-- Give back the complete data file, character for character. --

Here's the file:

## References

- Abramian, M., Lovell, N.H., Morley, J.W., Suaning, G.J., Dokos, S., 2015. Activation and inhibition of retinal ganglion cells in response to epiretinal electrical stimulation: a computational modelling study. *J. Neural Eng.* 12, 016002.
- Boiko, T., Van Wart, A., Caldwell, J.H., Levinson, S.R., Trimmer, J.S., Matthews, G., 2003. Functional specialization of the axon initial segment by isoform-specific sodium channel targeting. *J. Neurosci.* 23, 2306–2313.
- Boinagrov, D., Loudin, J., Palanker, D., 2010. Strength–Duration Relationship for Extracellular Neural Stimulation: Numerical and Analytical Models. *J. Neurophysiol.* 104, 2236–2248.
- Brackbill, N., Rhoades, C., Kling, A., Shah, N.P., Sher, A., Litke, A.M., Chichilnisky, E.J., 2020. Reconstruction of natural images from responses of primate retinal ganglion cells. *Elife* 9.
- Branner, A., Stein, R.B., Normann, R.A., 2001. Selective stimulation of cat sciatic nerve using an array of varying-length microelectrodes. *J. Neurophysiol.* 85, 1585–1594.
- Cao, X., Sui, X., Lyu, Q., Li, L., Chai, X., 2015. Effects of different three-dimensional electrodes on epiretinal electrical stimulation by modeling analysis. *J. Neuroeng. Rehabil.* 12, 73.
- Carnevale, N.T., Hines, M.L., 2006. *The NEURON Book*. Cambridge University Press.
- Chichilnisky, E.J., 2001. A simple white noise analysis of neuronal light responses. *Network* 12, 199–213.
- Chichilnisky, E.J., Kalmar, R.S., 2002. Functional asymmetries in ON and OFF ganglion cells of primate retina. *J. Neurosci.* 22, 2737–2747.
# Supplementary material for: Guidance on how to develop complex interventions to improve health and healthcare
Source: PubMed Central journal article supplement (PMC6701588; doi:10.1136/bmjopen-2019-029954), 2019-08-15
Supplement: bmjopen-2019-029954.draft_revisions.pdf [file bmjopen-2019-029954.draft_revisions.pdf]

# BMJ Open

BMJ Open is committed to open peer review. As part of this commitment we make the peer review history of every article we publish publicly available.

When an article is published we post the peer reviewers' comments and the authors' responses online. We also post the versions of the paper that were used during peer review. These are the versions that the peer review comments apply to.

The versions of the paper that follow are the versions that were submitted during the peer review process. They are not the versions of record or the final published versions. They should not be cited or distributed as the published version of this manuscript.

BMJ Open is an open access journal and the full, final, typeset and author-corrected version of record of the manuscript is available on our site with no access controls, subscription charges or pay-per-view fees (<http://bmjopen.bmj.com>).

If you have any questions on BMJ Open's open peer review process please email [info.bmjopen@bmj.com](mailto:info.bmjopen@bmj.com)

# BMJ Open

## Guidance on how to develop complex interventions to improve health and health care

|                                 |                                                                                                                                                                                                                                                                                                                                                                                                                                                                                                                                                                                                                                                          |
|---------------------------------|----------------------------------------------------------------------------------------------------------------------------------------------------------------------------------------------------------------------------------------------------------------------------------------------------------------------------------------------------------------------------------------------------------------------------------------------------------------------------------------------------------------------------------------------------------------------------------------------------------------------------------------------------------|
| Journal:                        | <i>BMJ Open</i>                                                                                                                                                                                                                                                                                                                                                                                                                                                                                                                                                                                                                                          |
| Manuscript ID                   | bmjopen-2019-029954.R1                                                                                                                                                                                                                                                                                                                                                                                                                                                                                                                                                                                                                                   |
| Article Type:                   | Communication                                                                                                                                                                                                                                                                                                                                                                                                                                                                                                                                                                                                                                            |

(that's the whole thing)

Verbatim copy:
## References

- Abramian, M., Lovell, N.H., Morley, J.W., Suaning, G.J., Dokos, S., 2015. Activation and inhibition of retinal ganglion cells in response to epiretinal electrical stimulation: a computational modelling study. *J. Neural Eng.* 12, 016002.
- Boiko, T., Van Wart, A., Caldwell, J.H., Levinson, S.R., Trimmer, J.S., Matthews, G., 2003. Functional specialization of the axon initial segment by isoform-specific sodium channel targeting. *J. Neurosci.* 23, 2306–2313.
- Boinagrov, D., Loudin, J., Palanker, D., 2010. Strength–Duration Relationship for Extracellular Neural Stimulation: Numerical and Analytical Models. *J. Neurophysiol.* 104, 2236–2248.
- Brackbill, N., Rhoades, C., Kling, A., Shah, N.P., Sher, A., Litke, A.M., Chichilnisky, E.J., 2020. Reconstruction of natural images from responses of primate retinal ganglion cells. *Elife* 9.
- Branner, A., Stein, R.B., Normann, R.A., 2001. Selective stimulation of cat sciatic nerve using an array of varying-length microelectrodes. *J. Neurophysiol.* 85, 1585–1594.
- Cao, X., Sui, X., Lyu, Q., Li, L., Chai, X., 2015. Effects of different three-dimensional electrodes on epiretinal electrical stimulation by modeling analysis. *J. Neuroeng. Rehabil.* 12, 73.
- Carnevale, N.T., Hines, M.L., 2006. *The NEURON Book*. Cambridge University Press.
- Chichilnisky, E.J., 2001. A simple white noise analysis of neuronal light responses. *Network* 12, 199–213.
- Chichilnisky, E.J., Kalmar, R.S., 2002. Functional asymmetries in ON and OFF ganglion cells of primate retina. *J. Neurosci.* 22, 2737–2747.
# Supplementary material for: Guidance on how to develop complex interventions to improve health and healthcare
Source: PubMed Central journal article supplement (PMC6701588; doi:10.1136/bmjopen-2019-029954), 2019-08-15
Supplement: bmjopen-2019-029954.draft_revisions.pdf [file bmjopen-2019-029954.draft_revisions.pdf]

# BMJ Open

BMJ Open is committed to open peer review. As part of this commitment we make the peer review history of every article we publish publicly available.

When an article is published we post the peer reviewers' comments and the authors' responses online. We also post the versions of the paper that were used during peer review. These are the versions that the peer review comments apply to.

The versions of the paper that follow are the versions that were submitted during the peer review process. They are not the versions of record or the final published versions. They should not be cited or distributed as the published version of this manuscript.

BMJ Open is an open access journal and the full, final, typeset and author-corrected version of record of the manuscript is available on our site with no access controls, subscription charges or pay-per-view fees (<http://bmjopen.bmj.com>).

If you have any questions on BMJ Open's open peer review process please email [info.bmjopen@bmj.com](mailto:info.bmjopen@bmj.com)

# BMJ Open

## Guidance on how to develop complex interventions to improve health and health care

|                                 |                                                                                                                                                                                                                                                                                                                                                                                                                                                                                                                                                                                                                                                          |
|---------------------------------|----------------------------------------------------------------------------------------------------------------------------------------------------------------------------------------------------------------------------------------------------------------------------------------------------------------------------------------------------------------------------------------------------------------------------------------------------------------------------------------------------------------------------------------------------------------------------------------------------------------------------------------------------------|
| Journal:                        | <i>BMJ Open</i>                                                                                                                                                                                                                                                                                                                                                                                                                                                                                                                                                                                                                                          |
| Manuscript ID                   | bmjopen-2019-029954.R1                                                                                                                                                                                                                                                                                                                                                                                                                                                                                                                                                                                                                                   |
| Article Type:                   | Communication                                                                                                                                                                                                                                                                                                                                                                                                                                                                                                                                                                                                                                            |